Candied Primrose Flowers
  • A generous handful of fresh wild primrose flowers
  • 1 egg white
  • 1 tsp rosewater caster sugar to coat
Whisk together the egg white and rosewater until thoroughly mixed.  Take the primrose flowers, one at a time, then use a very soft brush (a paintbrush is ideal) to coat the flower with the egg mix. Dip in caster sugar so it’s completely covered then set on a tray covered with greaseproof (waxed) paper and set aside to dry overnight. The following day store in an air-tight jar. Typically they will keep for up to a week.

Morels – Morchella semilibera

Can be quite common to find in damp heavy soiled copses in the Spring.  Cap 2-4cm, olive brown, slightly pitted with rather regular vertical ribs. stem creamy white & hollow. Also known as half free Morel.

Crispy morel recipe

This is one of the simplest morel recipes going, and a great way to enjoy them. Breadcrumbs is preferred as it makes them crunchier.

Amounts of morels aren’t listed. Just keep beating eggs and adding more butter to the skillet until the mushrooms are gone, which will be sooner than you want!

  • Morels, sliced in half lengthwise
  • 4 eggs, beaten
  • 2 cups breadcrumbs (or flour)
  • 4 tablespoons of butter
  • Salt and pepper to taste

In a large bowl, roll the morels in the beaten eggs. Make sure they’re fully covered.

In a separate bowl mix together the breadcrumbs, salt, and pepper.

Dip the egg-covered morels in the breadcrumbs, making sure all surfaces of the mushrooms are covered with the crumbs.

Melt the butter in a large skillet on medium-high heat. Fry the morels until they are brown and crispy on all sides. It’s best to do this in small batches, rather than overcrowding your skillet.

Repeat until you’re so full that you can’t take it anymore, or until you run out of mushrooms.

Sweet Violets – Viola odorata

Fairly common in hedgebanks and shady places also open woodland/grassland usually on chalk or alkaline soils, Low, creepy and downy.  The flower is usually dark violet but can sometimes be pink/yellow, Sweet smelling.  Leaves rounded. Generally it does not grow much above 150mm in height. March to May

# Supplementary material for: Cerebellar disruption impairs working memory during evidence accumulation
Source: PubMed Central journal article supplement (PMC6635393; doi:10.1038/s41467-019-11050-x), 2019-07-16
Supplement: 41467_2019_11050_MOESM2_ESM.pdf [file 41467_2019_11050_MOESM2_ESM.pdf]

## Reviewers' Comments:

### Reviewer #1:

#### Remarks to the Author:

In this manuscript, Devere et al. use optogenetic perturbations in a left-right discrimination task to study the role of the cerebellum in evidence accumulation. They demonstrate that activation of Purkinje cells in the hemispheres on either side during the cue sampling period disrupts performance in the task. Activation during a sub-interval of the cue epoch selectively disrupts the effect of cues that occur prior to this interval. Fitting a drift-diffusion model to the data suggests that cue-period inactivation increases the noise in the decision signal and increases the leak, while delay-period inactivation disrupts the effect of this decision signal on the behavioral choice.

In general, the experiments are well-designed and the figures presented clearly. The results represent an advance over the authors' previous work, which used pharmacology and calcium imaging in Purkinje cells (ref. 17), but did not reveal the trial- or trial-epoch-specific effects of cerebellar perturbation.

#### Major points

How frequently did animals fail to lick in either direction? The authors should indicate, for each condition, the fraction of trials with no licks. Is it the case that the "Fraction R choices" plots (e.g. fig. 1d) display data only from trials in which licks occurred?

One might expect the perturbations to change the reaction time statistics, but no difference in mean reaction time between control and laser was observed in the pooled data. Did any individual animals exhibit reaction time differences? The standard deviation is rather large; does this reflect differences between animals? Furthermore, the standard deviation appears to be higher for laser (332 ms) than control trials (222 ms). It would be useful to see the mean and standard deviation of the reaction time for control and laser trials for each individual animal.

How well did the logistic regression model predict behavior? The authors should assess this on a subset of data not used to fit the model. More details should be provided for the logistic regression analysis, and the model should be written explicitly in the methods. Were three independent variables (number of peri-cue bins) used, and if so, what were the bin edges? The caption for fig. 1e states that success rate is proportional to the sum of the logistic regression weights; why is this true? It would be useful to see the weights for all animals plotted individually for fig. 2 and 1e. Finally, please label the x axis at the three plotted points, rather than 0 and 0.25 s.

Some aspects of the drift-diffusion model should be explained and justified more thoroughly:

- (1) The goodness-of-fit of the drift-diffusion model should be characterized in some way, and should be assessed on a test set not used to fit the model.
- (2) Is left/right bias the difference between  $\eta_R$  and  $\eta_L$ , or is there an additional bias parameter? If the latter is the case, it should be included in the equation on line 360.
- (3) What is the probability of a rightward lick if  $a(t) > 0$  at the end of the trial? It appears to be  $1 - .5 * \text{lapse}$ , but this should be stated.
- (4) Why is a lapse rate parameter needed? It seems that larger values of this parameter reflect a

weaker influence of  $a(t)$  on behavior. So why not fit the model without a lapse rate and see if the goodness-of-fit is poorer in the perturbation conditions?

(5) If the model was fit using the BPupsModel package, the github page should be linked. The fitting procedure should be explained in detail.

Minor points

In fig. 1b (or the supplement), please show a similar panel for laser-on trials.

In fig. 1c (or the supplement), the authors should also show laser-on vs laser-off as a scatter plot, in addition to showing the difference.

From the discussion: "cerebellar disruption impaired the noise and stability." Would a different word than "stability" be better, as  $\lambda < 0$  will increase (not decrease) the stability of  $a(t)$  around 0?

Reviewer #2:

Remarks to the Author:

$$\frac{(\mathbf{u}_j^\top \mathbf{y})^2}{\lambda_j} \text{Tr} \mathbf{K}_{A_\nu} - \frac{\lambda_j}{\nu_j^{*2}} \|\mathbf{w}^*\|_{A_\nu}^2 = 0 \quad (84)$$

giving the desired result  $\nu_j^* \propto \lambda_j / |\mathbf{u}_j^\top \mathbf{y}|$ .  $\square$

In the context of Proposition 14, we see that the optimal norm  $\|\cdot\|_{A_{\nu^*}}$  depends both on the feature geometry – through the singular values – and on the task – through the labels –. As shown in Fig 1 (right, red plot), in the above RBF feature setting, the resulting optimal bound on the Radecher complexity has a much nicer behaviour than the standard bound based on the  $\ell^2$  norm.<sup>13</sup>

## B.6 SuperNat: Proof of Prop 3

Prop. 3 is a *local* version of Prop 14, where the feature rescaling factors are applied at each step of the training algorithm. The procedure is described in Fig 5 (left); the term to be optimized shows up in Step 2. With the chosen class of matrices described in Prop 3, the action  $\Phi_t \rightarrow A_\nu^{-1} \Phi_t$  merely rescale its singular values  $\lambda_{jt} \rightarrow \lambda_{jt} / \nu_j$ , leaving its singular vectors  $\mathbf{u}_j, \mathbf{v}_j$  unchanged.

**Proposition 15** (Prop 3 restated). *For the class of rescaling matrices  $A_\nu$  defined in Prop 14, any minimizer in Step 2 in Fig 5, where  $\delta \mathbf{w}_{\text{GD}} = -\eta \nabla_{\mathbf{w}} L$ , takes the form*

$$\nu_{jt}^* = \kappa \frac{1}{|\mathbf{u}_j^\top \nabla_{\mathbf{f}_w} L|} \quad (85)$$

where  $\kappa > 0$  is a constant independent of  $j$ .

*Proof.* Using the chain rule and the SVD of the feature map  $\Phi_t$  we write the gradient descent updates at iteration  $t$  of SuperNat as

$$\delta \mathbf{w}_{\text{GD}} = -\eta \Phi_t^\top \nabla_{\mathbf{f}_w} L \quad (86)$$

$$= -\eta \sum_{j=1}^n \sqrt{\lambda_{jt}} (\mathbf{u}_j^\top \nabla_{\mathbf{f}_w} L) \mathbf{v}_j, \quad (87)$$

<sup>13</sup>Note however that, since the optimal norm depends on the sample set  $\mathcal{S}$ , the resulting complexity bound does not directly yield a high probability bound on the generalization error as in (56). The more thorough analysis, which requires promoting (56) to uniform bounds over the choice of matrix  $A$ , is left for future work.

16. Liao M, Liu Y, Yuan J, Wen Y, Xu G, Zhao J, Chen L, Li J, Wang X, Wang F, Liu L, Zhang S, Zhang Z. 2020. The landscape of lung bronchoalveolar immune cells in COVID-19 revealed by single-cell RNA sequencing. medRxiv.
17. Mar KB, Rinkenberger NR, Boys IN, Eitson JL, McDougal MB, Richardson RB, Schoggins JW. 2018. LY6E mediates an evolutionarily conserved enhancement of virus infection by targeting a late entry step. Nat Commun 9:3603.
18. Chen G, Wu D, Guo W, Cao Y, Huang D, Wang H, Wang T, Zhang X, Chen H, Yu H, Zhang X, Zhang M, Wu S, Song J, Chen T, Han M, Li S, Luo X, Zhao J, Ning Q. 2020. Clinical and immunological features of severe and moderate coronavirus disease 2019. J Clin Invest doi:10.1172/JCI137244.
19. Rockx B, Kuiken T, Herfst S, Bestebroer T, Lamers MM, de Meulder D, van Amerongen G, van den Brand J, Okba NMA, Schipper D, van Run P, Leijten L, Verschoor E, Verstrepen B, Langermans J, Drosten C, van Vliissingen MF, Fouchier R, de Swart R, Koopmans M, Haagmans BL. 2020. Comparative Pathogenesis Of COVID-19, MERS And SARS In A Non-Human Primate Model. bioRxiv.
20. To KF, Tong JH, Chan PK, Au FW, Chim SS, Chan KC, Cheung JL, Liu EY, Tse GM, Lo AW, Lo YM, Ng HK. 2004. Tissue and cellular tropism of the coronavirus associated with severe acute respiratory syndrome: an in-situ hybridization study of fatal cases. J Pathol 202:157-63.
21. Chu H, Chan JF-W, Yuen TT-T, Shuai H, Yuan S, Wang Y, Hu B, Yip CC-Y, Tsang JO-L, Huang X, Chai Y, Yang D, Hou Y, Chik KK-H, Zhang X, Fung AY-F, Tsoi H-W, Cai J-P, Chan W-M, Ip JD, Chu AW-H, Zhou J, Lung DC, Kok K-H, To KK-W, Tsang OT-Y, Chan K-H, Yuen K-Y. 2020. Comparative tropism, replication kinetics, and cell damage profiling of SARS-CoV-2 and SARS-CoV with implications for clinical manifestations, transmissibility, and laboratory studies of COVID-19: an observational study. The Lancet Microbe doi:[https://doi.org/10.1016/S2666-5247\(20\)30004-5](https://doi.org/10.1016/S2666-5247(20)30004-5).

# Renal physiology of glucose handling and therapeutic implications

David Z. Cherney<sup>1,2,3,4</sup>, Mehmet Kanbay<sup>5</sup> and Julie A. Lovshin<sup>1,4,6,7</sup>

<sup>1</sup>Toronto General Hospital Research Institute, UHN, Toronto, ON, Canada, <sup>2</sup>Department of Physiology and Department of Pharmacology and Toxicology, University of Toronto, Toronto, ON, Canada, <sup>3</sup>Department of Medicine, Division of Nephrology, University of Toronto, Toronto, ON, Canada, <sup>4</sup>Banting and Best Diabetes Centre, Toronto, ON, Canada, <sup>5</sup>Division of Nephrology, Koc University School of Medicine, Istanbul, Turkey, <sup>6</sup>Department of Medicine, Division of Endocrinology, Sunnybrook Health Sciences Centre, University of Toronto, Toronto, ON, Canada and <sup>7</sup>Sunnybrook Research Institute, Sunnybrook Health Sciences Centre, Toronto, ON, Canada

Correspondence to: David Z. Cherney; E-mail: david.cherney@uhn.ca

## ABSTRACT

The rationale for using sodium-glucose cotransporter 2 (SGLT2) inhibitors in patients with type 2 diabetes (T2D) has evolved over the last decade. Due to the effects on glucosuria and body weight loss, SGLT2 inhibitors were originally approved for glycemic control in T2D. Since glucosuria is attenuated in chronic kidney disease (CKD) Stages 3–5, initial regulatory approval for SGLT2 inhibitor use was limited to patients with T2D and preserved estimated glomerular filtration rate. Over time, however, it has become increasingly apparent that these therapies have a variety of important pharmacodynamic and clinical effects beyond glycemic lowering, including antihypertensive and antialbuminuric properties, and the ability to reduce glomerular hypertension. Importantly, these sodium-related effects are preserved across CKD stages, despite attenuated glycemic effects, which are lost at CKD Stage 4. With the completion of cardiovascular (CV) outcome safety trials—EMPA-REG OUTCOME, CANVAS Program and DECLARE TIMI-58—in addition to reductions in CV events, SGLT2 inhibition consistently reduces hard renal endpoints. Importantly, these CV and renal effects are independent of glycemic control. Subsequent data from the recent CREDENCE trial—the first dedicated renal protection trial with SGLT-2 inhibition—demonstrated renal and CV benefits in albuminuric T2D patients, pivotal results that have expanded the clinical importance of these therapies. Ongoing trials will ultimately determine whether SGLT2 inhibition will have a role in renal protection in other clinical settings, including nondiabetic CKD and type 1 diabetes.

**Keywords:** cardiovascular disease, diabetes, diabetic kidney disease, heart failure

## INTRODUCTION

Crystallised Violets Recipe

1 egg white
caster sugar
freshly picked violets

Paint every crevice of the violet with egg white.  You can use a paint brush for this, but as I didn’t have three clean brushes in the house we used cotton buds, which did the job perfectly well. Then sprinkle with caster sugar until completely covered. Place onto a silicone baking sheet or greaseproof paper and  leave to dry.

Silver weed – Argentina anserina

Silvery green in appearance, the leaves have saw toothed edges.  Found anywhere with grass  –  lawns waste ground and recreation grounds etc.

Oxeye Daisy– Leucanthemum vulgare

Widespread usually in the summer in grassy places especially rich soil.  Erect steams up to 75cm, one flower on each steam, each with a ring of white petals and central yellow button.  The un-opened flower buds can be marinatedand used in a similar way to capers.  Young leaves can be eaten in salads.

Pickled Oxeye Daisy Buds

  • 150g oxeye daisy flower buds, picked before they show an indication of opening
  • 80g salt
  • 300ml cider vinegar
Add the vinegar and salt to a pan and heat until the salt dissolves. Put the oxeye daisy flower buds in a large jar and top with the warm vinegar mix. Cover the jar and stir every day for a week then transfer the broom buds to a clean, sterilized jar, top with the vinegar mix, seal and store in the fridge for at least 2 weeks to mature before using. These make an excellent replacement for capers and are wonderful on salads.
Wild Spring Salad
  • 100g oxeye daisy greens